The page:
Second, the above dilemma is exacerbated even more by the situation that all the
countries neighboring Taiwan have no official diplomatic ties with it, and recognize the
PRC as a sole legitimate government of the entire China. Thus an inherent defect is
embodied in the ROC laws in terms of implementation and enforcement, particularly the
stipulations concerning boundary delimitation with neighboring countries. It is not known
how and when the ROC would initiate any boundary delimitation process according to its
own law. A proposal that such a process is authorized by the PRC or that the PRC
represents the ROC for such a process will definitely be unacceptable to the ROC. The
current status quo of a divided China is a major obstacle to resolving maritime boundary
issues between China and its neighboring countries, particularly Japan and the
At present, the two sets of marine laws above will no doubt cause conflicts of
jurisdiction between the present two authorities across the Taiwan Strait. It is expected
that some kind of interim arrangements regarding the maritime jurisdiction for both sides
will be negotiated as implementing steps for the above laws. There will be a common position of the two sides on maritime boundary delimitation with relevant neighboring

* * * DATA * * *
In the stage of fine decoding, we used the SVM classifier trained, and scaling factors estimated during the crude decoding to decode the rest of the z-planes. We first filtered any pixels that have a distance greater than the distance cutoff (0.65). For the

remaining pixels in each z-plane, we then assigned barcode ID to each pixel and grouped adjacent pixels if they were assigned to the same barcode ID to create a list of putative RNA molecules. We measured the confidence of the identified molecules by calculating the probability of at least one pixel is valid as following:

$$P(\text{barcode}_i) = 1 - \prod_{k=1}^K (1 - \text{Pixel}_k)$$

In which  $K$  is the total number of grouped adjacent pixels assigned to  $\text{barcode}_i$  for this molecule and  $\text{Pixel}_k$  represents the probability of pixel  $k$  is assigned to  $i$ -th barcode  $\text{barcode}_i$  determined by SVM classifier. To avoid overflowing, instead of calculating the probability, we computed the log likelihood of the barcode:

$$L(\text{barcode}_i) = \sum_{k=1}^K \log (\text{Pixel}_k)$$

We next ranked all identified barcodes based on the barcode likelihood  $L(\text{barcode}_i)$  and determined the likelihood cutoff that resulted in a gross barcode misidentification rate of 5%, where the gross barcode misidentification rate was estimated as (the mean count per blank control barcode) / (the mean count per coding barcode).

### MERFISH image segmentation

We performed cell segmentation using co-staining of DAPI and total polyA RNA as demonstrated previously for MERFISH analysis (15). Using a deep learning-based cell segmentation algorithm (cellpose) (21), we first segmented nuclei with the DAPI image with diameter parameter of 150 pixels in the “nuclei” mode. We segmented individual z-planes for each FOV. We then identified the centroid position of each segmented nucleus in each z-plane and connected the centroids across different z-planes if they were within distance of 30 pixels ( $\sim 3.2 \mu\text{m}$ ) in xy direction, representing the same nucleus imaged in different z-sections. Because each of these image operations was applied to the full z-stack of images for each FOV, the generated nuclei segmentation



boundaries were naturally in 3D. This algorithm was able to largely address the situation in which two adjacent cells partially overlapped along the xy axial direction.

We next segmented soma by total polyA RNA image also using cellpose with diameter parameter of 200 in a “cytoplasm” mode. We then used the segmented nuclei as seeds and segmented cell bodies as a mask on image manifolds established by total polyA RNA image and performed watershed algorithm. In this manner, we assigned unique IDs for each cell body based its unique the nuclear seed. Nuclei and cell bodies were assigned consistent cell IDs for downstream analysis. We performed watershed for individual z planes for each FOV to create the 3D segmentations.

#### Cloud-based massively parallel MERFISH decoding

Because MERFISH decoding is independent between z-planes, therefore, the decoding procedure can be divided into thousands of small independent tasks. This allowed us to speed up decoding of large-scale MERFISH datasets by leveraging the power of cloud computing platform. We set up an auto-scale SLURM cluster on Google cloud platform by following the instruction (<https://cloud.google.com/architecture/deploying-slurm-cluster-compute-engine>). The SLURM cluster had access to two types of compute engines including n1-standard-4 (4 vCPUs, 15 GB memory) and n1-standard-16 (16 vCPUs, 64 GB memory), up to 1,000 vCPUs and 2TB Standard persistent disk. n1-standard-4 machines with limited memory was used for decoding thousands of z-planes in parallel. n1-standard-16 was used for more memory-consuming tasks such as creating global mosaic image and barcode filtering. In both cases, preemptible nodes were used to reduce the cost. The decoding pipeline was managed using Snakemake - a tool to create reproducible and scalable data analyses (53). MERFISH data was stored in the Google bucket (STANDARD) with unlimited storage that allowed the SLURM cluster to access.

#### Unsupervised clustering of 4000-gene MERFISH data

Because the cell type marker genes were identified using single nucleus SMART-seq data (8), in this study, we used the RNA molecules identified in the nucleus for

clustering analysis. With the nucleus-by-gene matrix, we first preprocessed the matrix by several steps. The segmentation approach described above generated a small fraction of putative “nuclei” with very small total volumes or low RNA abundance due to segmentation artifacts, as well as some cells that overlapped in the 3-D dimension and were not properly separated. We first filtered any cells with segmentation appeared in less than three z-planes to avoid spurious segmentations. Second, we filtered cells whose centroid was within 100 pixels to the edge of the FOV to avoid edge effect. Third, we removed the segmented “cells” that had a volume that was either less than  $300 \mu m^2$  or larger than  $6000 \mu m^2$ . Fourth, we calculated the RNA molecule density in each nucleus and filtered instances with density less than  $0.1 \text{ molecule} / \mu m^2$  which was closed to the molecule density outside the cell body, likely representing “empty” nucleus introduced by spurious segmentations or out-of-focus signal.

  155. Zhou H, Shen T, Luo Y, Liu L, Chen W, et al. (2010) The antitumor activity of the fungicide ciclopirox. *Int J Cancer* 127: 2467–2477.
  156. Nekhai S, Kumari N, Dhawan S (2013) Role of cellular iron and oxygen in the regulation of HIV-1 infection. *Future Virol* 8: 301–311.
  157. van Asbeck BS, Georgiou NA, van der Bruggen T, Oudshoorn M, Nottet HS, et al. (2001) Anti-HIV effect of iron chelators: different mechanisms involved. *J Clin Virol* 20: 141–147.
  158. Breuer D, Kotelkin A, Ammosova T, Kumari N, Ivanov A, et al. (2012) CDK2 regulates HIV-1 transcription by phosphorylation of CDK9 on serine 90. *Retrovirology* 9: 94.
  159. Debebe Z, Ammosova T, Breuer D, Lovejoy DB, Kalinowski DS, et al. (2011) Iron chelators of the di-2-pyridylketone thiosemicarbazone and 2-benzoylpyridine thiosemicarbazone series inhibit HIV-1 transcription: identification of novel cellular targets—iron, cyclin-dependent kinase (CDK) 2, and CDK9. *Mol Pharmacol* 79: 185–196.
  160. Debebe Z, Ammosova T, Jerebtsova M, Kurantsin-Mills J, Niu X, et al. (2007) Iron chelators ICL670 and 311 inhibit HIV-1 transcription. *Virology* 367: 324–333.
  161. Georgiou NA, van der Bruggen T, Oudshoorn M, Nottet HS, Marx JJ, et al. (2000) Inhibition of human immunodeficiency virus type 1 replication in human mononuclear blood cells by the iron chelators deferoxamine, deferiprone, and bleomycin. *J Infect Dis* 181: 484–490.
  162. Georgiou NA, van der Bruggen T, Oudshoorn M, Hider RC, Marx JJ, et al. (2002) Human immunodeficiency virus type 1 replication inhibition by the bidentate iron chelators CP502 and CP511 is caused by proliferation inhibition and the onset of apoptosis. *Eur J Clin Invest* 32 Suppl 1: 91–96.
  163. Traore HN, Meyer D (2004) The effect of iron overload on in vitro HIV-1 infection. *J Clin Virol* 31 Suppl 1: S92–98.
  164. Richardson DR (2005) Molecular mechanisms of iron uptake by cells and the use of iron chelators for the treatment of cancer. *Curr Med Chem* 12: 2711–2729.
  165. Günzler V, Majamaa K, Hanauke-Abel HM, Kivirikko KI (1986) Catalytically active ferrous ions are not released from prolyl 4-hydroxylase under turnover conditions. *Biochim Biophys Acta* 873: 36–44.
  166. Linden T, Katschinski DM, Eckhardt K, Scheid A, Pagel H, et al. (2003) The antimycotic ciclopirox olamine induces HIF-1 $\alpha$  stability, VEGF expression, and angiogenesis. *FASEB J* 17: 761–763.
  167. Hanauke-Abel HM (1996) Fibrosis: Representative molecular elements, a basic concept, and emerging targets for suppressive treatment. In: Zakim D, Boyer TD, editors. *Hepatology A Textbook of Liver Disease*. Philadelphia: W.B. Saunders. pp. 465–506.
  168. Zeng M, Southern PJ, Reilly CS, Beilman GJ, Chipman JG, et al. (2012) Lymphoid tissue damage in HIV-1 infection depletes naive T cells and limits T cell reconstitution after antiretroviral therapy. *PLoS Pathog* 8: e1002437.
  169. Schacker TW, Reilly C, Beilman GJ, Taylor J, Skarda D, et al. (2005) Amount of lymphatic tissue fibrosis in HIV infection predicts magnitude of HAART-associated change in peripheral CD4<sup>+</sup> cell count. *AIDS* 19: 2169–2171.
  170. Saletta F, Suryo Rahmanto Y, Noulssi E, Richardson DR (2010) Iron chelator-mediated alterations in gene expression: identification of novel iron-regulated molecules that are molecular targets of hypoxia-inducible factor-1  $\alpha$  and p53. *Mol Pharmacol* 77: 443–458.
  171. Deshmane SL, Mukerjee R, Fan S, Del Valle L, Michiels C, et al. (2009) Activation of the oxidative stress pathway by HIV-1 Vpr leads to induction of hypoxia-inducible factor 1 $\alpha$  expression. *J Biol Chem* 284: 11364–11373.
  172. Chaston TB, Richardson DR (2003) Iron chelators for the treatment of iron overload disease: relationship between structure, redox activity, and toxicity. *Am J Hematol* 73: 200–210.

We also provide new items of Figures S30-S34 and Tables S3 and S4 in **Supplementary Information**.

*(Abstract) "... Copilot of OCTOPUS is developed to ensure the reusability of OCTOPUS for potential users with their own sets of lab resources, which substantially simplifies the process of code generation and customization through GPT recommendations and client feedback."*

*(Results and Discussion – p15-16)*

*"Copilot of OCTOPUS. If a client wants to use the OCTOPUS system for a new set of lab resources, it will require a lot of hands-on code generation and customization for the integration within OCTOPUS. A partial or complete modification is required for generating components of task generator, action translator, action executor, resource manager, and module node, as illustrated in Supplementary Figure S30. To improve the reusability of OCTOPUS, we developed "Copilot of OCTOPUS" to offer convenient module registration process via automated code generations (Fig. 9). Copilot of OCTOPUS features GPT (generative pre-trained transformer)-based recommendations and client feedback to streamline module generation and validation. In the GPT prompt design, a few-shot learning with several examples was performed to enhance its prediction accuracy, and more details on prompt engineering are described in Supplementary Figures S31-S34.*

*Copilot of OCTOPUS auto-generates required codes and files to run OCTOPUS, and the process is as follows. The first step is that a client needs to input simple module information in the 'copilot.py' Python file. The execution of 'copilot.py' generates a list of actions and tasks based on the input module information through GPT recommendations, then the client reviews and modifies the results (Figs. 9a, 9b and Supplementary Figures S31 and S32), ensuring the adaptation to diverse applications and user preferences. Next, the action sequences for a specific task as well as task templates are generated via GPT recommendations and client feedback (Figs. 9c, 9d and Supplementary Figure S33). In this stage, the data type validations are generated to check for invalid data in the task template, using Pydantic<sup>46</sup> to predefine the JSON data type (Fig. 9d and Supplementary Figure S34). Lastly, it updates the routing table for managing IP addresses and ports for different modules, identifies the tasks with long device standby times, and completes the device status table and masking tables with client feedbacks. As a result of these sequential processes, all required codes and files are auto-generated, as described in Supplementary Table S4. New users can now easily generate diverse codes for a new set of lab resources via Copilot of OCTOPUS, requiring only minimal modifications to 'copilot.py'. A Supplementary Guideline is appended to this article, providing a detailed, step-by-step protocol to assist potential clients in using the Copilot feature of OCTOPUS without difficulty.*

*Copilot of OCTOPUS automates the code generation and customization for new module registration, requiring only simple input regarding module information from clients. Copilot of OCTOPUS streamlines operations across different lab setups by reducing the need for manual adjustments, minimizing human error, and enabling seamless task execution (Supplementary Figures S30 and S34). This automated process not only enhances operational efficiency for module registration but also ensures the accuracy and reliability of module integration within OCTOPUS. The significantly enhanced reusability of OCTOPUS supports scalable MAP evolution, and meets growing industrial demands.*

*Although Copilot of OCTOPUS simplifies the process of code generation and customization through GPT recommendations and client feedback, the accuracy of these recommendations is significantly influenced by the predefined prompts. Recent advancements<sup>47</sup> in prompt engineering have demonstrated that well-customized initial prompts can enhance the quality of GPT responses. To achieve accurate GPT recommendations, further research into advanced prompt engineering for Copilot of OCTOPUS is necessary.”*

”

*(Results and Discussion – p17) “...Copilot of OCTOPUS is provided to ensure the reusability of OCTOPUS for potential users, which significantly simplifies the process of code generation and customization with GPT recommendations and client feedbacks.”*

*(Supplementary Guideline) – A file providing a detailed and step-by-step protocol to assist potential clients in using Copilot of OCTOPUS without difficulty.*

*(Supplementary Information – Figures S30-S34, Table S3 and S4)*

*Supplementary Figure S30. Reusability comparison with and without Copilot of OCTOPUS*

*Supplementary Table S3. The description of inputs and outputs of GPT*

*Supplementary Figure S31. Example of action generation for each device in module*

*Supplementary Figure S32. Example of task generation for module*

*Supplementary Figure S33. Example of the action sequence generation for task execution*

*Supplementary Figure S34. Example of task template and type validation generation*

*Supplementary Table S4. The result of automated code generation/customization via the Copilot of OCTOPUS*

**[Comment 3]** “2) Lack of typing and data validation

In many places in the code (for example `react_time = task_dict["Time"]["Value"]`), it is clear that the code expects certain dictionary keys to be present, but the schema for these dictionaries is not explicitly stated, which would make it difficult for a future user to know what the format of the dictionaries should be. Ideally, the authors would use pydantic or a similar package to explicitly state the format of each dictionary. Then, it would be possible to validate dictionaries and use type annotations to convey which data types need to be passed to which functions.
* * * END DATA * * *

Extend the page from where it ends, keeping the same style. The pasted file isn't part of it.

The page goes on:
countries. It is recalled that both sides have taken a concerted position on the South China
Sea. Unless Taiwan achieved independence, these arrangements would remain
“domestic” in nature.
Another factor affecting the implementation of the above marine laws in the cross-
Strait relations is the possible reunification of China. It raises the question whether there
will be a future unification of the laws concerning state territory including the above
basic marine laws. The case of Taiwan is different from Hong Kong in regard to the
possible unification of the marine legal systems. According to the Basic Law of the Hong
Kong Special Administrative Region, Hong Kong can retain its existing legal system
including the common law, law of equity, and customary law applicable in Hong Kong.
As to the marine areas, Hong Kong only has internal waters within the publicized
baselines of the PRC in 1996. Therefore, Hong Kong itself has no territorial sea, much
less an EEZ or continental shelf. On the other hand, since the matters relating to the
territorial sea and the EEZ/continental shelf are matters within the power of the central
government, the laws of territorial sea and EEZ accordingly are applicable to Hong Kong
as provided in Annex III of the Basic Law and other late-on additions. However,
Taiwan itself owns a vast sea area and has adopted laws on the territorial sea and EEZ.
Taiwan has never regarded itself as a subordinate to the mainland as a province claimed
by the PRC. It considers itself an equivalent entity vis-à-vis the mainland. Unlike Hong
Kong which is always a subordinate to a state, Taiwan claimed to be such an independent
nation state as the ROC on Taiwan. It has a national legal system parallel to that of the